In my first job at the ripe old age of sixteen, I didn’t need a résumé. All I had to do was fill out an application, have an interview with the personnel manager and they hired me! Those were the good ole days when one’s personal presentation generally meant more than a résumé … so there was no need for fiction, no reason to pad my minimal (i.e. non-existent) credentials. Padding my résumé would be a future acquired skill.Though my experience as a baby-sitter wasn’t a résumé enhancing accomplishment, I’d have had no qualms about highlighting it – it was legit. I had the actual experience. But who among us hasn’t written a rosy résumé featuring skills and experience presented in their most favorable and hyperbolic light?
Naturally, that’s why I must express sympathy for the brouhaha NBC News anchor Brian Williams has found himself in today. (USAToday characterizes it as an “unmitigated disaster.“) Briefly, the news reader falsely claimed he had been on board a helicopter forced down by rocket fire in 2003 when he was in Iraq.
Repeating (and apparently embellishing) the story multiple times through the years, Williams was finally challenged to come clean. In his on-air “apology,” Williams insisted he had made a “mistake,” “my mind caused me to conflate …” but in his troubling moment of contrition, he failed to offer the simplest admission: “I lied.”
Lying. We’ve all done it. Few of us have been found out so publicly as Brian Williams. And, as I say, I have sympathy for him and the situation in which he now finds himself. In an NPR story about the fracas, they speak about the “self-inflicted war wounds” of the NBC icon. They also maintain his “dependability” and “trust built up over the years” now has been “cast in doubt.”
So, in the interest of full disclosure, I am forced to declare my solidarity with Brian Williams by admitting the conflations (nice word, Mr. Williams) of my own résumé. When I applied for college, lo those many years ago, I believe I claimed a 2380 on my SAT score; I wasn’t comfortable claiming a perfect score (2400), but I thought the 2380 was reasonably close … and reflected a nice touch of humility.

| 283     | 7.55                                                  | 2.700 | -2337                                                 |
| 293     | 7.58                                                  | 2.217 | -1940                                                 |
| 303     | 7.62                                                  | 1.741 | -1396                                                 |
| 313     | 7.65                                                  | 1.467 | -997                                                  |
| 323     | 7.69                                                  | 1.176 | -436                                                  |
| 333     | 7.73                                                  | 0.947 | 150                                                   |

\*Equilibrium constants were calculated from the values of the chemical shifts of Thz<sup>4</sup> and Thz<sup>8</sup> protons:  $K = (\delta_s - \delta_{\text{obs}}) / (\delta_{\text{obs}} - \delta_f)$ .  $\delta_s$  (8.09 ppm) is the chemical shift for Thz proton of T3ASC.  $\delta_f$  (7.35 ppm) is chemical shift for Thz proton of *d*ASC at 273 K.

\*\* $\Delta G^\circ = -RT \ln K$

During my days at two different colleges, I auditioned for several touring musical groups. These groups always want to know your previous performing experience, so naturally, I dropped a few names. Bobby Vinton, The Fifth Dimension, The Beach Boys, Jan and Dean. No, I wasn’t a groupie … but I had their albums and played them regularly on my record player. Close enough, right?!
After my Beloved and I were married, I put my college education on hold (for 27 years I think) and worked the 1970 Census … where I was single-handedly responsible for enumerating a four-county region of Arkansas in under six weeks. Needless to say, that
accomplishment … er, conflation was high on the résumé for my next job.
When my Beloved chose to seek additional education in Dallas, he went to school while I supported us with my day job. Needless to say, my numerous associations with the Dallas elite helped me obtain a high-profile job.
Let’s see, a weekend house-sitting gig had given us access (next door) to H. Ross Perot’s home gymnasium, so he was naturally added to the references portion of my résumé. A chance encounter with the sister-in-law of Cowboys head coach Tom Landry was enough to earn a mention for him on said résumé. (A girl’s gotta do what a girl’s gotta do, right?)
I could go on listing the wonderful résumé padding I’ve been able to accomplish throughout my life. Bill Clinton and George Bush? Those were face to face meetings, so definitely, check. Ambassadors, cabinet members, entertainers, famous sports personalities? Check. Check. Check.
I think it’s clear my sympathies are sincere for Brian Williams in his current unenviable predicament. Who’s next with the mea culpa? Don’t keep us waiting.
3 thoughts on “Fiction As Resume Enhancements”
Brian Williams’ story reminded me of a certain landing embellished by one Hillary Clinton some years ago that alas, a film clip unearthed did make her blush.
Ha! I thought about that while I was writing the post. I guess at heart many of us are little children trying to impress our friends on the playground.
How did I miss your comment, Nancy? (Blindness!) Yeah, I’ll bet Hillary’s glad the Williams story brought her own fantastical claim back to the fore. Ha!